May 8, 2012

My Simple Business Blueprint

After working in student affairs on the college campus and for two associations, I have owned my own businesses for more than 20 years.

For the first five years I was a co-founder and partner (with Karyn Nishumura Sneath) of a leadership development practice called like minded people.  Since 2002 I have been flying solo as the president and CEO of Idea Architects.  And I have a confession to make.

I've never created a business plan.
I don't set annual goals or goals for any other timeframe.
I don't actively monitor current financial projections compared to the same time last year.
I don't spend any money on advertising.
I don't try to get a certain # of clients or hit certain revenue targets.

In other words, I don't do much of what many people would say is required in order to be successful in business.  But after 20+ years, I'm OK with the approach Karyn and I initiated and that I've continued in my own work, a framework influenced by the many mentors and role models I've been fortunate to have in my professional career.

Do good work.
Price it fairly.
Be generous to others. Share.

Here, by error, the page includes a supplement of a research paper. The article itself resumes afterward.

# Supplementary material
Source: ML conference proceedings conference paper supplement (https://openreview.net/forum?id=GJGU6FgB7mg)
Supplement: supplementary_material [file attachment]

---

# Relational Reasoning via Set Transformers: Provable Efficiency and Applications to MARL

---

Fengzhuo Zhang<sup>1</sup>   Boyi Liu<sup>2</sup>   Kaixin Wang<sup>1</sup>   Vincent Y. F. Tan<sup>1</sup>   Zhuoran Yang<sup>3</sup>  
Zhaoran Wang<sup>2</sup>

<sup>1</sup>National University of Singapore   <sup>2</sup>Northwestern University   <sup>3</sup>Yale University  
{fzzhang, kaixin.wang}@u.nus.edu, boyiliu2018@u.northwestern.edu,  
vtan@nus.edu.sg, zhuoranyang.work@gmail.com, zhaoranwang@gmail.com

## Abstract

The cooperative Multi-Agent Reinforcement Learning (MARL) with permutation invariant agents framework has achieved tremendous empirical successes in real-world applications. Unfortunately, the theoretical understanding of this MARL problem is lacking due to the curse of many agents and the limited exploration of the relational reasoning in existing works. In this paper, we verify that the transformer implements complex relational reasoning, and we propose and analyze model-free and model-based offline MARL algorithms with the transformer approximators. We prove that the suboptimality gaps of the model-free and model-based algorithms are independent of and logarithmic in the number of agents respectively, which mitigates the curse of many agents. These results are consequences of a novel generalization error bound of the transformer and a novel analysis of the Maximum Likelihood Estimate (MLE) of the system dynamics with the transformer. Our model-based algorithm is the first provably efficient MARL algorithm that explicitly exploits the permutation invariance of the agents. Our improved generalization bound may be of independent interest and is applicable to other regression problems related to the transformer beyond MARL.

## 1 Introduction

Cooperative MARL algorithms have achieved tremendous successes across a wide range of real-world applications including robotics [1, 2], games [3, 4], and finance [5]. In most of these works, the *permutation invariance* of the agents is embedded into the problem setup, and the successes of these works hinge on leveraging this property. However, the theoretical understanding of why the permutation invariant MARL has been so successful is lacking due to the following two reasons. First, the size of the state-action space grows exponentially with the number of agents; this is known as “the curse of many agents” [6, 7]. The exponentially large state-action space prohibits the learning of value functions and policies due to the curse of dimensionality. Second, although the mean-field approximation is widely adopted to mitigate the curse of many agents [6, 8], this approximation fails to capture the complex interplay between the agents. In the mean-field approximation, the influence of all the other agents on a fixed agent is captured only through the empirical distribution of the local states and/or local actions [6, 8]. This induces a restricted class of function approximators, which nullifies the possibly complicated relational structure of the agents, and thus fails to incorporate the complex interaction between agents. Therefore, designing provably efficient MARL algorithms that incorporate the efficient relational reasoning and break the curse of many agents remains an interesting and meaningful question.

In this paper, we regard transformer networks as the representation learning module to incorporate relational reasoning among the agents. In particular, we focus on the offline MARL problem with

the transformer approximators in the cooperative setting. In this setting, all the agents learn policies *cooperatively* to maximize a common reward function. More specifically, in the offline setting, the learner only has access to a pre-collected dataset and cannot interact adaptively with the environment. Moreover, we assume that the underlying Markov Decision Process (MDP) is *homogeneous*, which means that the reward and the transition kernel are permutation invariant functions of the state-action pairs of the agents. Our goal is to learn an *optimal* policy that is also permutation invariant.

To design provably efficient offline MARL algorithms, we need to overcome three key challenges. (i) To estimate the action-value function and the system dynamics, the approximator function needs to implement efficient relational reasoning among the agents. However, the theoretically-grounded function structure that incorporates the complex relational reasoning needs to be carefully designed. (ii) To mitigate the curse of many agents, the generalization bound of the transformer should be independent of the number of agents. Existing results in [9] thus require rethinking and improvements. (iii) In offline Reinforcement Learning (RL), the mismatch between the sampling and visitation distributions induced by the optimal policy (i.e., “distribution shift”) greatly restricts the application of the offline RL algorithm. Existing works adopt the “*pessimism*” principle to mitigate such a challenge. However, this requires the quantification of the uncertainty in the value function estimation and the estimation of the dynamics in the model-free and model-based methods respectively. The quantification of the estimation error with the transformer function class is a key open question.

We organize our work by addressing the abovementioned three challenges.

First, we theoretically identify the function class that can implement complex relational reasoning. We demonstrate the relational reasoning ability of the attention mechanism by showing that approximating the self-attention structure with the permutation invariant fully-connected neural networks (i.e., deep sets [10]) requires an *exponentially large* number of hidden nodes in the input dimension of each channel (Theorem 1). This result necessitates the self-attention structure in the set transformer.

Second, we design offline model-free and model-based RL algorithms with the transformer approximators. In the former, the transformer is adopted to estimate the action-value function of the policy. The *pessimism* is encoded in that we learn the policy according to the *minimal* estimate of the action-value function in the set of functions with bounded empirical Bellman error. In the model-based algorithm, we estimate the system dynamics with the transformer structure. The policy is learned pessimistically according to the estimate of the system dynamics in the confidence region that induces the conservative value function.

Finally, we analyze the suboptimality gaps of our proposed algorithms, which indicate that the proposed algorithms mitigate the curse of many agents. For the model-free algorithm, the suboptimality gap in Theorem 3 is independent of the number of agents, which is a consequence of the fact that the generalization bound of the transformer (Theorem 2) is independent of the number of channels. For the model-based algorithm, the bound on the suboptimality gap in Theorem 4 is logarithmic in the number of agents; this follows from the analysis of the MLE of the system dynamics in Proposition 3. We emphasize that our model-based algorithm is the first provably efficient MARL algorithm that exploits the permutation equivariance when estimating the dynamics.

Keep learning. Diversify sources.
If the contracting is painful, the work will be worse. Take a pass.
The best self-promotion is your work.
Don't discount price. Add more value.
Never violate core values.
Don't do work for/with mean people.
Contribute and help advance the profession and other professionals.
Be grateful.

Your mileage might vary, particularly if you have a need to make a whole lot of money fast.  But if you want to be around for the long haul, you could do a lot worse than these principles.

3 comments:

Bob said...

You can't lose with a business blueprint like that, Jeffrey. Congratulations!

Dave C. said...

Jeffry -

Great stuff in your plan ..er.. I mean blueprint. ; ) The only hiccup I had while processing the list is sometimes the folks in charge of contracts can make it painful, but then they disappear during the project and you end up working with some pretty wonderful people.

Jeffrey Cufaude said...

Dave: That's a really great point. Although I was referring more to the process than the person.

What I have found is that if getting to the work is a real pain (back and forth over legalese and the like) the work itself often mirrors that minutiae.

That said some projects (and some professionals) may require more significant contracting than what my work entails.